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Ethiopia tea is an award-winning primary tropical produce that thrives in the mildly cool, tropical weather of the Rift Valley. For this reason, the Gold Star-prize recognized scented black and green tea is a year-round season.

Overview

Also known as Shay in Amharic, Ethiopia tea (Camellia sinensis), especially green tea is a major organic crop from the highlands of the south and south-west. The country relies on mostly private farming agencies that the government supports to produce home and export tea. The country produces over 7000 tons of the produce from small-scale farmers’ and the government’s farms. Around 4500 tons out of this output enjoys local consumption while the rest goes into export. The state has also set an eye on cultivating more of the plant in arable land of over fifty thousand hectares. Outside small-scale farming, there are also large-scale plantations of tea in the country. Most of these swathes of land began production in the early 1970s as trials. Many developments have since been witnessed including the set up of the certification agency Ethio Agri-CERT in the year 2000.

The Three Most Exported Forms

Ethiopia tea reaches the market in at least three forms. Fermented or unfermented black tea is the most exported form. Of the $3731000 foreign revenue that the country generated in 2017, black tea formed 99 percent of the volume. By bulk, green tea or shay has the smallest output although many users at home, and abroad, prefer its antioxidant effects. In 2016, the country exported $20,000 worth of this raw, unprocessed produce.

Growth Conditions

Ethiopia tea thrives under the cool spells of the Great Rift Valley throughout the year. The plant prefers light but deep-set soil with an acidic pH, and good drainage. The Ethiopian Highlands provide the optimal land elevations of 2100 meters that are ideal for the crop. The mean rainfall per year is also suitable at 100 cm.

The bulk of Ethiopia tea comes from the forested areas of the south-west famous for its fertile fields.  Gambella and Hawassa are the keynote production centers. The majority of the growers in the zones are smallholder farmers. There is also Oromaya where most plantations are situated.

Months of Availability

Ethiopia tea is present year-round. This is because the crop is ready at different months in the diverse agro-ecological regions of the southwestern highlands. The harvesting incidentally comes at the peak of the two rainy seasons in the Ethiopian summer and autumn.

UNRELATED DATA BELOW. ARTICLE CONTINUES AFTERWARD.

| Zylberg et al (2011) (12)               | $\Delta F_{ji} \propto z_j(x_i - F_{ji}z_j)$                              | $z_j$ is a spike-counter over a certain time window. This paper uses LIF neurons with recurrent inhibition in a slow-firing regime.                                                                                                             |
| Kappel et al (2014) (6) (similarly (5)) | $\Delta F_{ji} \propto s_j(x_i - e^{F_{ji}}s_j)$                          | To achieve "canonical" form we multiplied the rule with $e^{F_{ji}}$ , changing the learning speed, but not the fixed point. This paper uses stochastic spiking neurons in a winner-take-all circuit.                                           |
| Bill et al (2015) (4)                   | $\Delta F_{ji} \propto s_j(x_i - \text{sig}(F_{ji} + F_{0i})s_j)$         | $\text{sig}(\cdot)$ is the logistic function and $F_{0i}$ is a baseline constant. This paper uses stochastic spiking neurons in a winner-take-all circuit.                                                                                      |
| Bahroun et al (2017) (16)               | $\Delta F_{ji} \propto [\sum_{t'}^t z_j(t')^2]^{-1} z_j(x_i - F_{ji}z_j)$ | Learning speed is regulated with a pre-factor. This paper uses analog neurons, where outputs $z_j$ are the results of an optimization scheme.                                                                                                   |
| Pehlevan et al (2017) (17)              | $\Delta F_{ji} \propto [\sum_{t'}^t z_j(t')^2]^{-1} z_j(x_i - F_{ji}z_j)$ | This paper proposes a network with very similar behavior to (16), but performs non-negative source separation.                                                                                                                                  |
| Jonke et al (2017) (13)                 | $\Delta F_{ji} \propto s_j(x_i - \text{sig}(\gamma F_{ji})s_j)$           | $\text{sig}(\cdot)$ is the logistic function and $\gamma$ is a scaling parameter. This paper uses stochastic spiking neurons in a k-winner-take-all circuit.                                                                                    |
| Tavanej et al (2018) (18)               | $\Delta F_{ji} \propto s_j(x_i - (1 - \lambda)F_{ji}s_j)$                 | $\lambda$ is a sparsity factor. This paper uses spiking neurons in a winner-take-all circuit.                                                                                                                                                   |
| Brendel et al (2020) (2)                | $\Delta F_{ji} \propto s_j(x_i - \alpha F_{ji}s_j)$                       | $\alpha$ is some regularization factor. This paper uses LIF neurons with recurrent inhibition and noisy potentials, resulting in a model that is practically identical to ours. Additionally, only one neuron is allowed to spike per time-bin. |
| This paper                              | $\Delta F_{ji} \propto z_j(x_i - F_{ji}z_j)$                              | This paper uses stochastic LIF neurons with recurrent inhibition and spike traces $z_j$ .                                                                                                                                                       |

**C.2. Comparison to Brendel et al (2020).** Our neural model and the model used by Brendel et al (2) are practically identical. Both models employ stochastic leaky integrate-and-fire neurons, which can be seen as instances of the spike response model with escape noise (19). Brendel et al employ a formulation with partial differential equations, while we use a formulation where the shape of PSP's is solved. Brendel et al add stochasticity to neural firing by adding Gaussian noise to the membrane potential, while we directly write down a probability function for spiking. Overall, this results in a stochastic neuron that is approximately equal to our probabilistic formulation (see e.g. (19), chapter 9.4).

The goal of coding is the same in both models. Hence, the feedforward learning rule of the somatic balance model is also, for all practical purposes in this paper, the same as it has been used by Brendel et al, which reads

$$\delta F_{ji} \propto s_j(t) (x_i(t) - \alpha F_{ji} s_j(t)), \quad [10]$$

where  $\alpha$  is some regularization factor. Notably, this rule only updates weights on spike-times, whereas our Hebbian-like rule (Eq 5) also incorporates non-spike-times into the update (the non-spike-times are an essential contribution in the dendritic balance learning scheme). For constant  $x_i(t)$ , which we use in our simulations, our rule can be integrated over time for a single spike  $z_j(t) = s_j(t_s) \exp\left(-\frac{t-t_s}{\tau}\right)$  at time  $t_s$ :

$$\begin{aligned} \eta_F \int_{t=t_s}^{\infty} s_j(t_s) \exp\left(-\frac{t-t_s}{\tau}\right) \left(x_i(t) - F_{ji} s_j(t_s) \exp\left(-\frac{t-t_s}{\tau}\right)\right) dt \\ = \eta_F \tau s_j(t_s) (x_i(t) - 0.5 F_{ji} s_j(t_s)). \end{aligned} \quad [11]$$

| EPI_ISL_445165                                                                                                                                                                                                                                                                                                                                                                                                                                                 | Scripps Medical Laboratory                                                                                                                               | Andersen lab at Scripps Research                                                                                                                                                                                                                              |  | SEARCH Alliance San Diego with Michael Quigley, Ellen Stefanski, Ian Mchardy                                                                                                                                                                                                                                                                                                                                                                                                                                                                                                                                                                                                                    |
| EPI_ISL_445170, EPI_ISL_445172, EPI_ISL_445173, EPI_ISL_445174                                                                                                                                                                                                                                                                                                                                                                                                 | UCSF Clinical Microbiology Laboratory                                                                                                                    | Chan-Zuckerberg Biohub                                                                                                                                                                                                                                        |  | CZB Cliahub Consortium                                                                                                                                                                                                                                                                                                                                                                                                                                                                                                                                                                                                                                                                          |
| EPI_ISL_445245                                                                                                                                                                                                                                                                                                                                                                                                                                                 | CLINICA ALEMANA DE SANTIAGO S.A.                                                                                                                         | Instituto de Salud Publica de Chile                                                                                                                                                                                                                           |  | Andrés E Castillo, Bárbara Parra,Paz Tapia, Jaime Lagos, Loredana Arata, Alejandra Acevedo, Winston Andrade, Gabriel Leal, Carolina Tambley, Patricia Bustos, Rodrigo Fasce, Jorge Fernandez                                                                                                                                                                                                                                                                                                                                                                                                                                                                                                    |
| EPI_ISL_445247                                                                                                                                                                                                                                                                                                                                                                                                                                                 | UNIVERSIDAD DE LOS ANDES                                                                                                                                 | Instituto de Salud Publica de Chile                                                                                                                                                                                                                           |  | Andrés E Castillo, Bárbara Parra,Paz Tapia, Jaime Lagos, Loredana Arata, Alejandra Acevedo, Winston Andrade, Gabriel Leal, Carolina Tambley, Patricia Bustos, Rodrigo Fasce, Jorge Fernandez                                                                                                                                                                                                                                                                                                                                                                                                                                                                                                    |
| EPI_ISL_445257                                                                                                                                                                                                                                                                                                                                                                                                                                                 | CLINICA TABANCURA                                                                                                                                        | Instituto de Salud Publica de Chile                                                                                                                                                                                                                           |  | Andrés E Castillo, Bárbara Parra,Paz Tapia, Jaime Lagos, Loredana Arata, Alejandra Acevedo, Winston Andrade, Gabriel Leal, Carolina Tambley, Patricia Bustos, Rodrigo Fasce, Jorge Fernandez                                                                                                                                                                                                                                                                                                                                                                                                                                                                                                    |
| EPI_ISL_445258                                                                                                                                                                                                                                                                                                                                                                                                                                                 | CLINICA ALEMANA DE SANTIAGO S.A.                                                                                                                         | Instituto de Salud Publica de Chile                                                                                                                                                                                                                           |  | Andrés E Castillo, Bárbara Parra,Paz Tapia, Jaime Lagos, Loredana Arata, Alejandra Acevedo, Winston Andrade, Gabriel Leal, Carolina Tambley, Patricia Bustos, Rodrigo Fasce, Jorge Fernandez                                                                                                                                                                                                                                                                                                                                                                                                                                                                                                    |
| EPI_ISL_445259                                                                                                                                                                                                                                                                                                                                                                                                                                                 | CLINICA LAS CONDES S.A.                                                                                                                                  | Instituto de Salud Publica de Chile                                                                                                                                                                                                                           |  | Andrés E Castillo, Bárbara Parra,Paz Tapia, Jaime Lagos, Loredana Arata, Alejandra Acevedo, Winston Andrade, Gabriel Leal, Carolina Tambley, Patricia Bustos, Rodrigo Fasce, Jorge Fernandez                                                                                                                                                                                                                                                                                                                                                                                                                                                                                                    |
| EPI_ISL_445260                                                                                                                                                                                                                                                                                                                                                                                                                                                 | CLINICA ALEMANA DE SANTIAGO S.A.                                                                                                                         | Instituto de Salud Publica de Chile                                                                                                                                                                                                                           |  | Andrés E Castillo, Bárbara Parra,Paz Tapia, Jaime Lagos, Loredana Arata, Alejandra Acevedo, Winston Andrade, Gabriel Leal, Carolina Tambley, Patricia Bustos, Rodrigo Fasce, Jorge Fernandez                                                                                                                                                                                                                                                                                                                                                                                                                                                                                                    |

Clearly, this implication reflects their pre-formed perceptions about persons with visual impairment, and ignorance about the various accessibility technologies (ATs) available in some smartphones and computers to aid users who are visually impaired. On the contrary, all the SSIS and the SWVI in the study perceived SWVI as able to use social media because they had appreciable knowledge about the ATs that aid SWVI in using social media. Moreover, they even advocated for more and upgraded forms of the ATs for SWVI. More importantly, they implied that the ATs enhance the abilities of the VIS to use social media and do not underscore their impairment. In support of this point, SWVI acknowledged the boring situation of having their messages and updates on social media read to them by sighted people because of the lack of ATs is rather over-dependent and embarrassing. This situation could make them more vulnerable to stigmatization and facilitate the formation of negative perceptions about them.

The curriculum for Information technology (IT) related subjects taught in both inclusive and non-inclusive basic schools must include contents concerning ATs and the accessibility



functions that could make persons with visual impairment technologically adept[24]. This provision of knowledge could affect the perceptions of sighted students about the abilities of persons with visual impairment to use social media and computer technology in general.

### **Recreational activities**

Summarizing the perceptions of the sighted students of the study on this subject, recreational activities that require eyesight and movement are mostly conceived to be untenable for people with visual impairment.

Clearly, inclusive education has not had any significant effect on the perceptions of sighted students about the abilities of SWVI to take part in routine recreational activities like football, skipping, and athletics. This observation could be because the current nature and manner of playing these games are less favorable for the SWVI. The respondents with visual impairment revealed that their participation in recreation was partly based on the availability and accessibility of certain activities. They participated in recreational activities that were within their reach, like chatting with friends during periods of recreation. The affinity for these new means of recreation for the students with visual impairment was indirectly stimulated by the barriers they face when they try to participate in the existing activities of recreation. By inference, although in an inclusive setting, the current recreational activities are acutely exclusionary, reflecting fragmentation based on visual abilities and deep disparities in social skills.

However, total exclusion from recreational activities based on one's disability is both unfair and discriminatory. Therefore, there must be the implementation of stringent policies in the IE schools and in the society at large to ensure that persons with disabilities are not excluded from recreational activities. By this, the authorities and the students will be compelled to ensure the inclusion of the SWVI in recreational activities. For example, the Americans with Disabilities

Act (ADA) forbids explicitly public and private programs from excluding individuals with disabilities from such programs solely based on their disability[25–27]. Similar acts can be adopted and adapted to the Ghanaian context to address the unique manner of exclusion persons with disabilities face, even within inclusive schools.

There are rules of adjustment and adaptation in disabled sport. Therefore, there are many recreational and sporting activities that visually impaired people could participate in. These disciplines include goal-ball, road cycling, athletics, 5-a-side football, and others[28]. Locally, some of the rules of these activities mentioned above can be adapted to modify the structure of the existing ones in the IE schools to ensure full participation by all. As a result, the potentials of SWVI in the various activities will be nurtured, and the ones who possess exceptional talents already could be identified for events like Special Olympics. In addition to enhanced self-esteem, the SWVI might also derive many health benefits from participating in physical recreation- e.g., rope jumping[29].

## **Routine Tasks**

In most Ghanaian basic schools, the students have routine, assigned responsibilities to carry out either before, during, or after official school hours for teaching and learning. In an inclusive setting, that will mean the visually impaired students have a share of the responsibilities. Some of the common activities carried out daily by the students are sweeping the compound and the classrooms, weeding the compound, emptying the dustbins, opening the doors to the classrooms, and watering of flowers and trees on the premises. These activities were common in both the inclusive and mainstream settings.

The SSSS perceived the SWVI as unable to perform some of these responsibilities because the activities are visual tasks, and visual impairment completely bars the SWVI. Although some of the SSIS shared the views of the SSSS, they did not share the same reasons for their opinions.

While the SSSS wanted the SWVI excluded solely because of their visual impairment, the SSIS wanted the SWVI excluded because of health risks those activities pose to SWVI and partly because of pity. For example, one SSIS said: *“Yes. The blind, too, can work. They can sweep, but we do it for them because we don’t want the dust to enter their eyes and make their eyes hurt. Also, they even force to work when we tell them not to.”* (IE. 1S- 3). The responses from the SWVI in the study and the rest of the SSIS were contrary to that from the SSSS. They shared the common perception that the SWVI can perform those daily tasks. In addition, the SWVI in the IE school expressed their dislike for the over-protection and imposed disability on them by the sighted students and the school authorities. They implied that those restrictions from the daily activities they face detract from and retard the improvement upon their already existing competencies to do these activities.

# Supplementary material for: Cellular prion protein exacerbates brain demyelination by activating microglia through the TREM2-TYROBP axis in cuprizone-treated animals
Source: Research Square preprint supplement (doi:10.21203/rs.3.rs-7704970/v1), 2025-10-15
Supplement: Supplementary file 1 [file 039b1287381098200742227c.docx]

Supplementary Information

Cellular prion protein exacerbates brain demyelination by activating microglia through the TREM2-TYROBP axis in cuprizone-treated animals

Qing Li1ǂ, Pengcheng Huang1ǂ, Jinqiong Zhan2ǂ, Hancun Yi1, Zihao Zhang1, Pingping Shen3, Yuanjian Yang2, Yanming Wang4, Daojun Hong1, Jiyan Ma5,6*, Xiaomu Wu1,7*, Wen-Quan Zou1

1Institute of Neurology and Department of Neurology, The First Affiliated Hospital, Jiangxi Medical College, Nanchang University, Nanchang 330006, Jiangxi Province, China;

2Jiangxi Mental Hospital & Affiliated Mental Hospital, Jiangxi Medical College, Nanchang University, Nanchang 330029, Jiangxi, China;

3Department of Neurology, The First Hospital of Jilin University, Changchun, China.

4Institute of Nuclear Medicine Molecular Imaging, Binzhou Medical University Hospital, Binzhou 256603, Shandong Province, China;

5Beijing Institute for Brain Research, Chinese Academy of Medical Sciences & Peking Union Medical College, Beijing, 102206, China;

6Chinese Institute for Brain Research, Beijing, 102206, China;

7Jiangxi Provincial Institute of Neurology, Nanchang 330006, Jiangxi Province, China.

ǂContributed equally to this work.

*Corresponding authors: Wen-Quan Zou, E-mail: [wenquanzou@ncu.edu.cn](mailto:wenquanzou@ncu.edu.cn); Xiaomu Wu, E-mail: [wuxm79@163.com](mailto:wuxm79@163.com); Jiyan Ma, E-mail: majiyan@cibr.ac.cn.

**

Harvesting, Processing & packing

The harvesting of Ethiopia tea starts after 48 months from the planting date. Picking is a time-tried art that is done by hand. A field of about a hectare requires an average of five days to complete. The workers, most of them experienced women, selectively pick the uppermost two leaves with their bud. They put the trio in bamboo baskets that they carry on their backs.

The processing of Ethiopia tea is dependent on the form under which it reaches the market. For black tea, the leaves initially go through a fermenting process. Special equipment oxidizes the leaf juices, diffuse the natural aroma and concentrate other compounds that make a strong beverage. Fermentation also discolors the leaves from green to a shade of brown. A drying stage follows so that the content can amass a moisture level of less than 2% from its current 45%.

The processing of green tea, on the other hand, is less involving.  There is neither oxidization nor fermentation to retain the original color and compounds of the leaves. However, the leaves are dried to reduce moisture before packing. The content may undergo flavoring to improve aroma or go unflavored depending on the market needs.

After collection and processing, workers pack Ethiopia tea in solid crates made of plywood or special chests. The chests have protective aluminum paper interior linings. Aerating plastic sacks are also preferential for bulk shipments. Green tea in Ethiopia goes into packings of above 3-kilogram packets.

Storage Recommendation

Because of the initial fermentation, tea needs relatively warm temperatures for storage. 14 degrees Celsius is the advisable optimum. The relative humidity should clock around 60 percent. The shipload travels to the airport for dispatch overseas under the same controlled temperatures.

Conclusion

Whether black or green, Ethiopia tea is one of the perennial beverage favorites across the world. Because it grows under scrutiny by the government which supervises its cultivation, it easily passes Global Good Agricultural Practices (GAP) certifications. Shay does better in the tropical weather of Ethiopia where there is no winter than in other Asian competitors.

 

 


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